The government of Chancellor Angela Merkel imposed a temporary halt on arms sales to Riyadh back in October 2018, citing circumstances surrounding the gruesome murder of dissident Saudi journalist Jamal Khashoggi at the Saudi consulate in Istanbul.
“The ban will be extended for a further six months to September 30,” government spokesman Steffen Seibert said in an emailed statement on Thursday. “Over this period no new export applications will be approved.”
The ban restricts not only deliveries of fully assembled products, but also of components used by weapons companies in other European nations.
This has prompted outrage mostly in France and Britain, which have heavily relied on German high-tech components for producing and assembling fighter jets and warships for Saudi Arabia.
In an attempt to alleviate its partners’ concerns, Berlin also agreed to extend for nine months export licenses that had already been granted, provided the companies undertook not to deliver any finished weapon systems until the end of the year.
The German government also called on France and Britain to ensure that its weapons systems deliveries to Saudi Arabia or the United Arab Emirates would not be used in the Yemen conflict.
The two Arab regimes and their regional allies in the Middle East have been leading a deadly military aggression against the people of Yemen since March 2015, using weapons and intelligence supplied by Western countries, most notably the United States, France, Britain and Canada.
Merkel’s government has come under pressure from many conservatives at home to end the ban, who argue that a continued ban could jeopardize projects such as the development of a Franco-German combat jet and other arms deals.
The arms ban, however, has been praised by human rights advocates, who said it had more effect than expected.
The UK-based Save the Children says it has been “shocked and appalled” by a recent Saudi-led airstrike against a hospital that killed four children, urging an investigation into the raid.
Despite international outrage over both the Khashoggi murder and the war in Yemen, however, most countries have decided to maintain profitable arms deals with Riyadh.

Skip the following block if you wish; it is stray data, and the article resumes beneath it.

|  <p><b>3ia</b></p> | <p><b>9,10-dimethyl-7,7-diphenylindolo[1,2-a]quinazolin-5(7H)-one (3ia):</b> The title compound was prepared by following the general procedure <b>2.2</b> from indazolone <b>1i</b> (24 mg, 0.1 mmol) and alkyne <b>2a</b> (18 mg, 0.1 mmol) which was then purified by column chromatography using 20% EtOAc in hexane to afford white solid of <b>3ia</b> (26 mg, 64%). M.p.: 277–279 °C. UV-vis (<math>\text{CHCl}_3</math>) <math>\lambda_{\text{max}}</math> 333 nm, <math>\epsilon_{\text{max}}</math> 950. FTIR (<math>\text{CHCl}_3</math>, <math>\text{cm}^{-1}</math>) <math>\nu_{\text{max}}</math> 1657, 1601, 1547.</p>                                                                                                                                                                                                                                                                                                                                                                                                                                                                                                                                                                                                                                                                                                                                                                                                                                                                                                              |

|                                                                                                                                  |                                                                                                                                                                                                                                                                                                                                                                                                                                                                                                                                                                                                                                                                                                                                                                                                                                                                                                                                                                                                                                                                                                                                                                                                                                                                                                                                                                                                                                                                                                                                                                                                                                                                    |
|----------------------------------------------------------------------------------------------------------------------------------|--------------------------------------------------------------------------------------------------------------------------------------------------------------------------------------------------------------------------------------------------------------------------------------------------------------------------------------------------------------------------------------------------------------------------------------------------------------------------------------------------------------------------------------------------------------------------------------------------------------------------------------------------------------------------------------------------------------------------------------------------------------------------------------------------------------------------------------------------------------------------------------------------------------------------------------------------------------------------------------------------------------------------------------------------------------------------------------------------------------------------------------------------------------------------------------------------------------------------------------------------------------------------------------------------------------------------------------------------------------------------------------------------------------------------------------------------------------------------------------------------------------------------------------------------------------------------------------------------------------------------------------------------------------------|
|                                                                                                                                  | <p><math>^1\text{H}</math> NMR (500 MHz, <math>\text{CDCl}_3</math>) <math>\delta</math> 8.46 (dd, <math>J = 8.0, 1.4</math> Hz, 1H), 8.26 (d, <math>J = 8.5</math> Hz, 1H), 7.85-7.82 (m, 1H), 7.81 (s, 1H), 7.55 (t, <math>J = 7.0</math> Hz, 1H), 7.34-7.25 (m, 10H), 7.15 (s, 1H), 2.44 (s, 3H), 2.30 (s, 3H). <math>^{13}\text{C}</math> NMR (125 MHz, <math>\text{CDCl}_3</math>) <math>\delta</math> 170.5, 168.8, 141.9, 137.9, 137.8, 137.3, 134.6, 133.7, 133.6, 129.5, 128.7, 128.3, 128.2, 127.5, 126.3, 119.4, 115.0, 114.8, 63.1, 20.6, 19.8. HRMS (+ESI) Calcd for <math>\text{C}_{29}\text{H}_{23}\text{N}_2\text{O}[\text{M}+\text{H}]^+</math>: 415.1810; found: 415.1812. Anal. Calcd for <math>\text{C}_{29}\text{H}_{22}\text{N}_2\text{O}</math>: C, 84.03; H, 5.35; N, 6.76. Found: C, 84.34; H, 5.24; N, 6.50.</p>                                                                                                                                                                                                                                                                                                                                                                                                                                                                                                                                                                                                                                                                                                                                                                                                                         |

Saudis started the Yemen war with the aim of bringing a former government to power and crushing the Houthi Ansarullah movement. Riyadh has failed to fulfill its objectives.
The United States, the world’s main arms supplier, has already made it clear that it would not stop lucrative arms deals with Riyadh, its biggest customer.
US President Donald Trump has even brushed off criticism over the Khashoggi murder and the Saudis’ role in the war on Yemen, defending the kingdom’s de facto ruler Crown Prince Mohammad bin Salman, who has been leading the war.
The administration of US President Donald Trump authorized American companies to secretly provide Saudi Arabia with nuclear technology, an official document shows.
It was recently reported that the Trump administration had even gone further by approving several authorizations that allow American companies to provide Riyadh with nuclear technology or technical assistance.
Trump’s energy secretary does not ‘recall’ nuclear approvals date
A number of lawmakers, who have already accused the Trump administration of complicity in covering up Khashoggi’s murder, raised a question over the date of the approvals.
During a hearing at the Senate Armed Services Committee, Democratic senator Tim Kaine asked Trump’s Energy Secretary Rick Perry if any of his approvals were made before Khashoggi’s murder in Istanbul.
Perry, however, said he cannot “recall” the date he made the approvals.
“We sign a lot of papers.” said Perry. “I’ve got a pretty good memory, but to remember every date that I sign a piece of paper might be above my ability to recall.”
“I don’t want to give you a date specific,” the energy secretary added.
On Thursday, the US Department of Energy issued a statement clarifying that it had issued seven approvals for American companies to “secretly” provide the kingdom with nuclear technology.
The move has raised concern among both parties, who say providing the technology, without non-proliferation safeguards, could eventually lead to development of nuclear weapons in the kingdom.
Last year, bin Salman said that the kingdom would be quick to develop nuclear weapons if Iran — which Riyadh views as its arch rival in the region — did so.
Iran does not pursue nuclear weapons, and under a 2015 international deal, it has placed its entire nuclear program under enhanced 24/7 monitoring by the UN nuclear agency.
That organization, the International Atomic Energy Agency (IAEA), has repeatedly confirmed the peaceful nature of Iran’s nuclear program.